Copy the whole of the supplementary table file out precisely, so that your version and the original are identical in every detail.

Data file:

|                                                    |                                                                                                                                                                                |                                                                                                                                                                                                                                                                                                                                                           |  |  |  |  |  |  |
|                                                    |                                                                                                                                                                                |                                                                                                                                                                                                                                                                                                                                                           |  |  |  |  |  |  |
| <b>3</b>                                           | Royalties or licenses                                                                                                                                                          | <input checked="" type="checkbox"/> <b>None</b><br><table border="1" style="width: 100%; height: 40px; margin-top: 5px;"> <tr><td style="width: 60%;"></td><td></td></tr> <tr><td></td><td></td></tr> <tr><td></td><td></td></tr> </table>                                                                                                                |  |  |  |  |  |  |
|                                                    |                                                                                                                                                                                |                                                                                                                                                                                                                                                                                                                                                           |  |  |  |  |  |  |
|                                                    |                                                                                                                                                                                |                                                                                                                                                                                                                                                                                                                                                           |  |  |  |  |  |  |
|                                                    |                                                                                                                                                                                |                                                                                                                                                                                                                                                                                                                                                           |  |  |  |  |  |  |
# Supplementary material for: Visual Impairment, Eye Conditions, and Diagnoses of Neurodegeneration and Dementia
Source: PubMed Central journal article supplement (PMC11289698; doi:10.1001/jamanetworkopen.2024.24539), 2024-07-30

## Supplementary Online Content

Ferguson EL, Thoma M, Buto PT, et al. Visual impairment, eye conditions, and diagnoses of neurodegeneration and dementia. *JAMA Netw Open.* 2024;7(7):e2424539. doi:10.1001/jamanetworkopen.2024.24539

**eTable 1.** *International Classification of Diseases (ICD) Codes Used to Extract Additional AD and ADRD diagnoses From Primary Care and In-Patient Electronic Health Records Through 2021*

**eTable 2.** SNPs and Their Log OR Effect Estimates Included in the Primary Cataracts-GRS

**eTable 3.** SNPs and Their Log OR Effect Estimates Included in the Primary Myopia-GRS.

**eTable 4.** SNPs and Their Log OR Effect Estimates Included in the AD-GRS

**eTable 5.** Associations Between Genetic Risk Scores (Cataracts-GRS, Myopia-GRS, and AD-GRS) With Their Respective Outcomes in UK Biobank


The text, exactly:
|                                                    |                                                                                                                                                                                |                                                                                                                                                                                                                                                                                                                                                           |  |  |  |  |  |  |
|                                                    |                                                                                                                                                                                |                                                                                                                                                                                                                                                                                                                                                           |  |  |  |  |  |  |
| <b>3</b>                                           | Royalties or licenses                                                                                                                                                          | <input checked="" type="checkbox"/> <b>None</b><br><table border="1" style="width: 100%; height: 40px; margin-top: 5px;"> <tr><td style="width: 60%;"></td><td></td></tr> <tr><td></td><td></td></tr> <tr><td></td><td></td></tr> </table>                                                                                                                |  |  |  |  |  |  |
|                                                    |                                                                                                                                                                                |                                                                                                                                                                                                                                                                                                                                                           |  |  |  |  |  |  |
|                                                    |                                                                                                                                                                                |                                                                                                                                                                                                                                                                                                                                                           |  |  |  |  |  |  |
|                                                    |                                                                                                                                                                                |                                                                                                                                                                                                                                                                                                                                                           |  |  |  |  |  |  |
# Supplementary material for: Visual Impairment, Eye Conditions, and Diagnoses of Neurodegeneration and Dementia
Source: PubMed Central journal article supplement (PMC11289698; doi:10.1001/jamanetworkopen.2024.24539), 2024-07-30

## Supplementary Online Content

Ferguson EL, Thoma M, Buto PT, et al. Visual impairment, eye conditions, and diagnoses of neurodegeneration and dementia. *JAMA Netw Open.* 2024;7(7):e2424539. doi:10.1001/jamanetworkopen.2024.24539

**eTable 1.** *International Classification of Diseases (ICD) Codes Used to Extract Additional AD and ADRD diagnoses From Primary Care and In-Patient Electronic Health Records Through 2021*

**eTable 2.** SNPs and Their Log OR Effect Estimates Included in the Primary Cataracts-GRS

**eTable 3.** SNPs and Their Log OR Effect Estimates Included in the Primary Myopia-GRS.

**eTable 4.** SNPs and Their Log OR Effect Estimates Included in the AD-GRS

**eTable 5.** Associations Between Genetic Risk Scores (Cataracts-GRS, Myopia-GRS, and AD-GRS) With Their Respective Outcomes in UK Biobank